BATS and MANGOES

 

WHAT IS THE BAT-MANGO CONNECTION?

Bats plant mango trees.

Old World Tropics mango tree planters

There are at least l0 different kinds of fruit bats and flying foxes that eat and plant mangoes in the Old World Tropics. (1)

Pallas's spear-nosed bat - New World Tropics mango tree planter (2)

In the New World Tropics there are at least l48 different kinds of bats that eat fruit, including mangoes.

The biggest of those bats, the ones that can carry a mango fruit away from the parent tree and drop the seed, are the most effective mango tree planters.

DOES THE MANGO TREE GROW IN TROPICS ALL OVER THE WORLD?

It does now. It probably grew first in southern Asia, but now it is cultivated in many tropical countries. (3) It also grows wild in many of those countries, thanks to the seeds that are dropped by bats, monkeys and people. Wild bat-planted mango trees are an important genetic resource for plant scientists. (4)

 

Egyptian rousette enjoying a ripe mango

 

HAVE HUMAN BEINGS KNOWN ABOUT MANGO TREES AND MANGOES FOR A LONG TIME?

Thousands and thousands of years, such a very long time that mango trees have an important meaning in an Indian religion, Hinduism, and in Indian myths. The tree is a sacred tree to Hindus because Prajapati, the Lord of Creatures, was changed into a mango tree. (5)

ARE MANGO FRUITS EXCEPTIONALLY DELICIOUS?

Millions of people in the world think that a mango is the best of all fruits. s

IS THE MANGO WOOD GOOD FOR SOMETHING BESIDES HINDU FUNERAL PYRES?

Yes, many things. Mango wood is also used to make rafters, window frames, agricultural implements, boxes, plywood and charcoal.(3)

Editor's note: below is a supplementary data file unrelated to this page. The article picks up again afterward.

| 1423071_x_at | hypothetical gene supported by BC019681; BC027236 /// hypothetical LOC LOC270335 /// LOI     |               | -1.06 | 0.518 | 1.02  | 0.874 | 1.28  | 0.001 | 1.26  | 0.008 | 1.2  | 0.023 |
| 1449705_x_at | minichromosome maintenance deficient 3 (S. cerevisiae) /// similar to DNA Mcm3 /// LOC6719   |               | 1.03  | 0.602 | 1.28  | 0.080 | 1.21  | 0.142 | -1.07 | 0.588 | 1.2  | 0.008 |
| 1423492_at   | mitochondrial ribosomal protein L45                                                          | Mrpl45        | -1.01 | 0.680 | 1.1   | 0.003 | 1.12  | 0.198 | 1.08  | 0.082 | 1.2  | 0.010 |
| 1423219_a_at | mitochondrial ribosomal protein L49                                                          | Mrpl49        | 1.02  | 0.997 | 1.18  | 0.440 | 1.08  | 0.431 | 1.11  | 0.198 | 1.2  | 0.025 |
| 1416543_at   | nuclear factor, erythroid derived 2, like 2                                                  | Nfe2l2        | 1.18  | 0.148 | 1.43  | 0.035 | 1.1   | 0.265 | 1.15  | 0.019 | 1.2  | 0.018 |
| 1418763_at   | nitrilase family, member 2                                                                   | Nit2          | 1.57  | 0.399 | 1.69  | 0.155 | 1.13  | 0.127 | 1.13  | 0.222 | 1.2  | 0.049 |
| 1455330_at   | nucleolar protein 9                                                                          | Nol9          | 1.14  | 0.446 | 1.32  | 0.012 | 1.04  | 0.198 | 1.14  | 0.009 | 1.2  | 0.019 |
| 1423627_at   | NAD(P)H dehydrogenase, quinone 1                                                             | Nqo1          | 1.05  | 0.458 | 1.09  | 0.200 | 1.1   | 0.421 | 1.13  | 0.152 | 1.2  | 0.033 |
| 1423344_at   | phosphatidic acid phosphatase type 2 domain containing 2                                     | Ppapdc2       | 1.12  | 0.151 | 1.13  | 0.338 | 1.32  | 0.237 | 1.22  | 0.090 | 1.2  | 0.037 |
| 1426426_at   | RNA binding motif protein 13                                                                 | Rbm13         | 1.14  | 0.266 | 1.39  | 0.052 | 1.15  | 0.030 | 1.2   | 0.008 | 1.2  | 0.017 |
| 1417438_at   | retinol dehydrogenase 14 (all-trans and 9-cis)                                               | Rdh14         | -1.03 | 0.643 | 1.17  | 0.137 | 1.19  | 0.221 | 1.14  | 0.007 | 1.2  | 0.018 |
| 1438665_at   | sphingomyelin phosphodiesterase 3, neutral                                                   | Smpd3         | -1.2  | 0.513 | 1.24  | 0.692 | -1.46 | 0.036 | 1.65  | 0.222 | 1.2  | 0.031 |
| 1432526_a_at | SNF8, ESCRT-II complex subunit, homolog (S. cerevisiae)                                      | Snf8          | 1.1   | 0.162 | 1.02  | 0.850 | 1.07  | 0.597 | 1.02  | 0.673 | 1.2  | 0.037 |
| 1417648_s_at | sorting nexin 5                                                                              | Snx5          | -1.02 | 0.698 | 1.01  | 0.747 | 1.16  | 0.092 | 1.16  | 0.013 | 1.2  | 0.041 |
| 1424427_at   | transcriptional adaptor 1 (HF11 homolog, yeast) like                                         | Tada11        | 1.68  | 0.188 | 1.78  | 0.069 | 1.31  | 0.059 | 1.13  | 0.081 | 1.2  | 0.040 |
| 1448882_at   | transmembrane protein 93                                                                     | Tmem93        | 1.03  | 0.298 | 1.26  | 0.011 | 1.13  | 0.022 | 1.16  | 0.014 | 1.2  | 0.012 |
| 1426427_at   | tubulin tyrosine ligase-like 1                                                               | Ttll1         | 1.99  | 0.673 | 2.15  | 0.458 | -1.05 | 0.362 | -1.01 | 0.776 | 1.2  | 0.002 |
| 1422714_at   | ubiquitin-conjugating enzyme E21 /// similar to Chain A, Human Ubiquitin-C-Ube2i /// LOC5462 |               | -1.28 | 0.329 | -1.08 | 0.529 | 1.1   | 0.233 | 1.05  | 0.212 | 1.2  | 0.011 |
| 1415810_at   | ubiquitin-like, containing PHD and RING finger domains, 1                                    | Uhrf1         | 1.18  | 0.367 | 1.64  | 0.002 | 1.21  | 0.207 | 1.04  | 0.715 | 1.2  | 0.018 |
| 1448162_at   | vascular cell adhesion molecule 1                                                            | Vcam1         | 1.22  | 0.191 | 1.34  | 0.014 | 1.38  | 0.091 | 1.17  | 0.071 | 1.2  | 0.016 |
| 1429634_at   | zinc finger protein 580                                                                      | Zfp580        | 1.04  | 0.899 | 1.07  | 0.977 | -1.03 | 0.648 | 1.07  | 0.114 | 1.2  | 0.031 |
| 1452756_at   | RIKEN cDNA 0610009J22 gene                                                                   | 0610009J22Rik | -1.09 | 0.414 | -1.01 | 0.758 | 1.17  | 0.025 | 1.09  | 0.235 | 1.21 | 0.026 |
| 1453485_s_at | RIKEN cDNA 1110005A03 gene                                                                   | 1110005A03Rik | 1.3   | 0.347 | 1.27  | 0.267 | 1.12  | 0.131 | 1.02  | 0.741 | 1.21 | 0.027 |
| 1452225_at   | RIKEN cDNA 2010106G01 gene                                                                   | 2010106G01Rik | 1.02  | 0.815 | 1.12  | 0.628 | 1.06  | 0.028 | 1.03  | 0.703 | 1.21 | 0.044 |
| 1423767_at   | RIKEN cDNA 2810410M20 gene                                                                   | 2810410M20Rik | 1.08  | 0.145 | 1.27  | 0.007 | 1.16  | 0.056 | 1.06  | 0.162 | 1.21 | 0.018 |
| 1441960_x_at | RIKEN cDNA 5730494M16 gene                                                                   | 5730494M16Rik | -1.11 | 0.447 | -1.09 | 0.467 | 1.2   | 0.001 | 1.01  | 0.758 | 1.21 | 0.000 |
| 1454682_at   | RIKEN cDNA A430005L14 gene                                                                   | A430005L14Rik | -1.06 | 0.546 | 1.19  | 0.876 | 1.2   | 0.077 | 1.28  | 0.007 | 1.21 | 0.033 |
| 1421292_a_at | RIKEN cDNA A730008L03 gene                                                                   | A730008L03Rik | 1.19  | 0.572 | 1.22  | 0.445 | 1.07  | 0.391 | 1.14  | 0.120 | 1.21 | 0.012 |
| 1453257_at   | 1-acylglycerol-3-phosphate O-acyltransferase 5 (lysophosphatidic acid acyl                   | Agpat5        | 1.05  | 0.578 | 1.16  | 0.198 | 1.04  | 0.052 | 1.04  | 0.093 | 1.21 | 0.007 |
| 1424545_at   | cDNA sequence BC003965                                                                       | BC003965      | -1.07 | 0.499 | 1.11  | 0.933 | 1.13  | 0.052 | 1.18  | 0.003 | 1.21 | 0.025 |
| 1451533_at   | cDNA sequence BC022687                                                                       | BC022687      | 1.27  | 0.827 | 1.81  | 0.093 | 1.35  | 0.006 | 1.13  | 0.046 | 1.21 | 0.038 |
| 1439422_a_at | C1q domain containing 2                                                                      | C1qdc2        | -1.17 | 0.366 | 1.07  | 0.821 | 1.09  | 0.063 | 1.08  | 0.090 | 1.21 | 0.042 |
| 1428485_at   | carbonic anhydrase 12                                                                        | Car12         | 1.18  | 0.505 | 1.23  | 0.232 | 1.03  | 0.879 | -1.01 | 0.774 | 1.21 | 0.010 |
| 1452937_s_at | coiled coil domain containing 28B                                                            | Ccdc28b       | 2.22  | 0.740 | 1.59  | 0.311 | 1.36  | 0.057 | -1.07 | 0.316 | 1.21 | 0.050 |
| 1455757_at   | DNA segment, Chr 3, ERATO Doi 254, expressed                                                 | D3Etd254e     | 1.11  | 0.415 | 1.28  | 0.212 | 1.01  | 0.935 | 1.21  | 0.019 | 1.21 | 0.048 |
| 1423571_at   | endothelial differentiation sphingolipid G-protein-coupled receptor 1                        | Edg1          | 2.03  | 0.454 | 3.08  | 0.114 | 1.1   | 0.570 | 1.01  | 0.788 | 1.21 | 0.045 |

Mango wood is used to make boats and dugout canoes. It is used to make elegant furniture, carved and turned bowls, vases, jewelry, drums, ukuleles, and toys.(6)

Mango leaves are used for mulch and to feed cattle. The kernel from the mango seed is eaten as famine food, when people are short on food. Oil can be pressed from the kernel and used to make soap.(3)

The flowers, bark, gum, kernel oil and leaves are used to make medicines to treat many human maladies.(3)

The leaves are used for mulch. The tree itself is a useful windbreak. (7)

Because of all these useful characteristics the mango tree is classified as one of the world's Outstanding Multipurpose Trees.(7)

IT SOUNDS TO ME AS THOUGH THE MANGO TREE IS A SOURCE OF JOBS FOR A LOT OF PEOPLE.

You are right. Think of all the human employment associated with the growing, harvesting, the shipment and processing of billions of mangoes a year. One of the job opportunities in Africa for people, especially women, is in the production of solar dried mangoes. Some people would say that a slice of dried mango is superior to a slice of fresh mango. It is chewy, bursting with flavour . . . delicious!

At your local whole food store you can buy dried mangoes produced in one of the poorest countries in the world, Burkina Faso, West Africa. Women constitute 85 percent of the membership of the farmers' cooperative that markets a number of products, including dried mangoes. The farmer women who belong to this cooperative earn money that can be used to improve their homes and farms. The money can help to ensure the health and education of their children.

Sorting dried mangoes